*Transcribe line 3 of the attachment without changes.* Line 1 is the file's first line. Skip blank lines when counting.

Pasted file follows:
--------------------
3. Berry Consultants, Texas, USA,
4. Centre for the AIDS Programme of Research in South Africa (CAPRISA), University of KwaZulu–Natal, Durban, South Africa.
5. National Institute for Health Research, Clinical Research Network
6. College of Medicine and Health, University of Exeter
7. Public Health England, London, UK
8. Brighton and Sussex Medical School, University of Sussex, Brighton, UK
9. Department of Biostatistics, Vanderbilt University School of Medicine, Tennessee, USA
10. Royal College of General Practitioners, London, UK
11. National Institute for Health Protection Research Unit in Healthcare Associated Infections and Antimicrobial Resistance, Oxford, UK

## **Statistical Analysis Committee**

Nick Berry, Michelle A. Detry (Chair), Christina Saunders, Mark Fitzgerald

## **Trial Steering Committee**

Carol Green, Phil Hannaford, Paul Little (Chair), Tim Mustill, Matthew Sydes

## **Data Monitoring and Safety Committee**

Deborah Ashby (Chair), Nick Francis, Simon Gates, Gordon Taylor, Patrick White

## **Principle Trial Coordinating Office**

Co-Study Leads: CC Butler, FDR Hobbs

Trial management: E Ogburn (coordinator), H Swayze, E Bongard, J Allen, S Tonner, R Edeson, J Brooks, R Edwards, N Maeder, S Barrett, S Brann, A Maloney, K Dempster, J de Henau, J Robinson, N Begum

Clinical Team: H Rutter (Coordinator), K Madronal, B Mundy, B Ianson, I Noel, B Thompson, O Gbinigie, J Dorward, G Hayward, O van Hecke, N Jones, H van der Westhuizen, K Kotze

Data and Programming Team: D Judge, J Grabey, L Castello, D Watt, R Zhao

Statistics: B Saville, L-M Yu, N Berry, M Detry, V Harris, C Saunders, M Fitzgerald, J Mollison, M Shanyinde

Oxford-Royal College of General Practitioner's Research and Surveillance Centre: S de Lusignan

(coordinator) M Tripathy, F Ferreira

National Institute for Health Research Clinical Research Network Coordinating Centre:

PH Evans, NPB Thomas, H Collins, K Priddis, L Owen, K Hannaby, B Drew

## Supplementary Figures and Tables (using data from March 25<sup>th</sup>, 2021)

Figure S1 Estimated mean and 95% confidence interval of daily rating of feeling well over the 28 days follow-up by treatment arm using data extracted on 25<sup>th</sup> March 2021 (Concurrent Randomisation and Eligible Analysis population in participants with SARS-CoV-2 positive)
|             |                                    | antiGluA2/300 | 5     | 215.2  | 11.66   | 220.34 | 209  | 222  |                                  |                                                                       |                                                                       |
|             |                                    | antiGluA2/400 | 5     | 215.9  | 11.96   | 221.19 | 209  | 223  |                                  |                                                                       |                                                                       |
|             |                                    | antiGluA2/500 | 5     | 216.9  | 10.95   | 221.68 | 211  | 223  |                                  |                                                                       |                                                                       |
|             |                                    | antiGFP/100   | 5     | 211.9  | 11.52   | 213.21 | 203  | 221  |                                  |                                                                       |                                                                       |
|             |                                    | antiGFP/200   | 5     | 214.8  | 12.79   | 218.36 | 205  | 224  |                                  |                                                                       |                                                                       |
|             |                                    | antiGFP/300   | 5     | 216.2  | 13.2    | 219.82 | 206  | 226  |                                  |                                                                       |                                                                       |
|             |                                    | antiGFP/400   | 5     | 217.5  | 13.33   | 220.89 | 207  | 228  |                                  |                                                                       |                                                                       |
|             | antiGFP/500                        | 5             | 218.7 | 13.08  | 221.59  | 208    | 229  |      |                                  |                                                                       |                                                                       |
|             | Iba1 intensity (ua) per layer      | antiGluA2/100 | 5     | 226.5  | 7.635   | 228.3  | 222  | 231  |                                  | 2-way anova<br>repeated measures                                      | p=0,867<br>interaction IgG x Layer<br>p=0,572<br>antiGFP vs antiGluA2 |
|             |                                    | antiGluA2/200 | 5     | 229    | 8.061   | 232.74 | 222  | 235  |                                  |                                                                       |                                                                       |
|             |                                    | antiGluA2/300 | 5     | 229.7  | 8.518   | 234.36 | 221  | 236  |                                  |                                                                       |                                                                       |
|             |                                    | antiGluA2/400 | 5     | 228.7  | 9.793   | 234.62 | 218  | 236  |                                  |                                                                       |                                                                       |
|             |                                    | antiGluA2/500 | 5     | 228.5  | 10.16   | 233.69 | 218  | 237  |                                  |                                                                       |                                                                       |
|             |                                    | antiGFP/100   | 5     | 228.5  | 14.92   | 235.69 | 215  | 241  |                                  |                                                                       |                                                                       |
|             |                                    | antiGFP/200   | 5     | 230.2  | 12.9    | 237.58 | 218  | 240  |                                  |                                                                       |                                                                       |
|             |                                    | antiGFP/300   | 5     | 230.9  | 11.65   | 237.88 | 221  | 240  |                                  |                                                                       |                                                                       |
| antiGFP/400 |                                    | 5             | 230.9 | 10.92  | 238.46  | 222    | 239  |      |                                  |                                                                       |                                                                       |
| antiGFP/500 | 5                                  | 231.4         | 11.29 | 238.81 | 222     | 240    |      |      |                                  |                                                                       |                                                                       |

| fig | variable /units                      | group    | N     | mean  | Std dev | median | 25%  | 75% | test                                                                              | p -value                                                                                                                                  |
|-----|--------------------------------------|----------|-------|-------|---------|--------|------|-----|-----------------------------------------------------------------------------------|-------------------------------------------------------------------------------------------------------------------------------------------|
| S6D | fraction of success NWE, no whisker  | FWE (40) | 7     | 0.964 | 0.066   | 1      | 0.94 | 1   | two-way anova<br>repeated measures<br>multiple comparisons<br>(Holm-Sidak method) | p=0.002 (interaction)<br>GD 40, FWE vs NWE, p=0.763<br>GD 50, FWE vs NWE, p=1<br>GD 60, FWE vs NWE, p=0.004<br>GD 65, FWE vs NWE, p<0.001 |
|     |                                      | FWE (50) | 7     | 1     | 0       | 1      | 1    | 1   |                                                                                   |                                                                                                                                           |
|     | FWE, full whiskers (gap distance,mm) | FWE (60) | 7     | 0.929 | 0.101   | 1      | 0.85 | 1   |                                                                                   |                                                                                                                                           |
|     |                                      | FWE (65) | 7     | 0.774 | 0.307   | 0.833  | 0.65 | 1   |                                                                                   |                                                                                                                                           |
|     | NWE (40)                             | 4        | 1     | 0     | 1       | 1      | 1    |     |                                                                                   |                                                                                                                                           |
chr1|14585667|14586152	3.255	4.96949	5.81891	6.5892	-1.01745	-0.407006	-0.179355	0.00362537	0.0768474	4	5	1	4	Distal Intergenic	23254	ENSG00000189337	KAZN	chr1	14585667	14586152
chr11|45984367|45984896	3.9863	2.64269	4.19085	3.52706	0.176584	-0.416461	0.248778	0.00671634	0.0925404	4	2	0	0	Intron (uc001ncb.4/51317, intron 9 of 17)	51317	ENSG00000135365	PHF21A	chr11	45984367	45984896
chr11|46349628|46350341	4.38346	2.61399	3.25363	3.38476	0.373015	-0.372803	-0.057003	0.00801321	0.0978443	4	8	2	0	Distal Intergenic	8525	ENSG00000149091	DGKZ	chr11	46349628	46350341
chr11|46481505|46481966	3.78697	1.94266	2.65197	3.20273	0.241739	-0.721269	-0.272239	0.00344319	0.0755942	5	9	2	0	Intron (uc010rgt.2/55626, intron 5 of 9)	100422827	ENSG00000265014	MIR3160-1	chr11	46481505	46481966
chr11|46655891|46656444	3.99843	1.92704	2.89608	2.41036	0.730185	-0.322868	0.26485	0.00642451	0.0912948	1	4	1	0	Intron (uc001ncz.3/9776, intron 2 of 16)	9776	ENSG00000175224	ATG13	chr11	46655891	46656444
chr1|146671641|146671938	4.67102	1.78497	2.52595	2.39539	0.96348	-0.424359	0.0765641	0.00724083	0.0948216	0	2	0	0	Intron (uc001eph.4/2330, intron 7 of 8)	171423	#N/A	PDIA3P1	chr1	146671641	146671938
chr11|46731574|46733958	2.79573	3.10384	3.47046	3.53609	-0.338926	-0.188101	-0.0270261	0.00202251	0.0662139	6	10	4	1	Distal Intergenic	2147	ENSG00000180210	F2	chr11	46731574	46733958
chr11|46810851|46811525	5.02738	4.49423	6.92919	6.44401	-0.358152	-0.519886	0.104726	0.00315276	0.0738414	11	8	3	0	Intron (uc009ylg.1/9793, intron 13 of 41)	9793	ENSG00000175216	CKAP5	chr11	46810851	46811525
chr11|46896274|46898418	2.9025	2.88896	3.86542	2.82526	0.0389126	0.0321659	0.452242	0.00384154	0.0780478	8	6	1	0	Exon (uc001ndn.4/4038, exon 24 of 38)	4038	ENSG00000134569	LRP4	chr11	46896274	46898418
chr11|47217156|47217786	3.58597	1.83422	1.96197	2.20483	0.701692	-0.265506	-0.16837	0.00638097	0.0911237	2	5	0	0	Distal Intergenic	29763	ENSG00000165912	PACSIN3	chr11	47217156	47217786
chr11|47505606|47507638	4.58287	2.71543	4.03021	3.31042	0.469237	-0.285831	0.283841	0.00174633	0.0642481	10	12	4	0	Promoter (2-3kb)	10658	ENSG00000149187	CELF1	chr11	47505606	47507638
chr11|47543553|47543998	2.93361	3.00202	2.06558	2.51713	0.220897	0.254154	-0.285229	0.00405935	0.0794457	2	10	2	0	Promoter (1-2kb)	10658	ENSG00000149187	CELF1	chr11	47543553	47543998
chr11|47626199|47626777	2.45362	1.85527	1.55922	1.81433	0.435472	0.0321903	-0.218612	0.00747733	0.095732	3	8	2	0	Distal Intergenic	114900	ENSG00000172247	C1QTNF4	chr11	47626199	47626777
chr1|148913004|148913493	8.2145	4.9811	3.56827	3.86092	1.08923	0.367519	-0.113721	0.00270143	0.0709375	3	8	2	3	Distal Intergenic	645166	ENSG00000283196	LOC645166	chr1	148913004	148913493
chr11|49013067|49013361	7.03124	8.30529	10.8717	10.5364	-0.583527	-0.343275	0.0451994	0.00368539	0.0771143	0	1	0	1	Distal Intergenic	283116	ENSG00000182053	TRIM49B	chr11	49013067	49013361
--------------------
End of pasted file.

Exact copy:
5. National Institute for Health Research, Clinical Research Network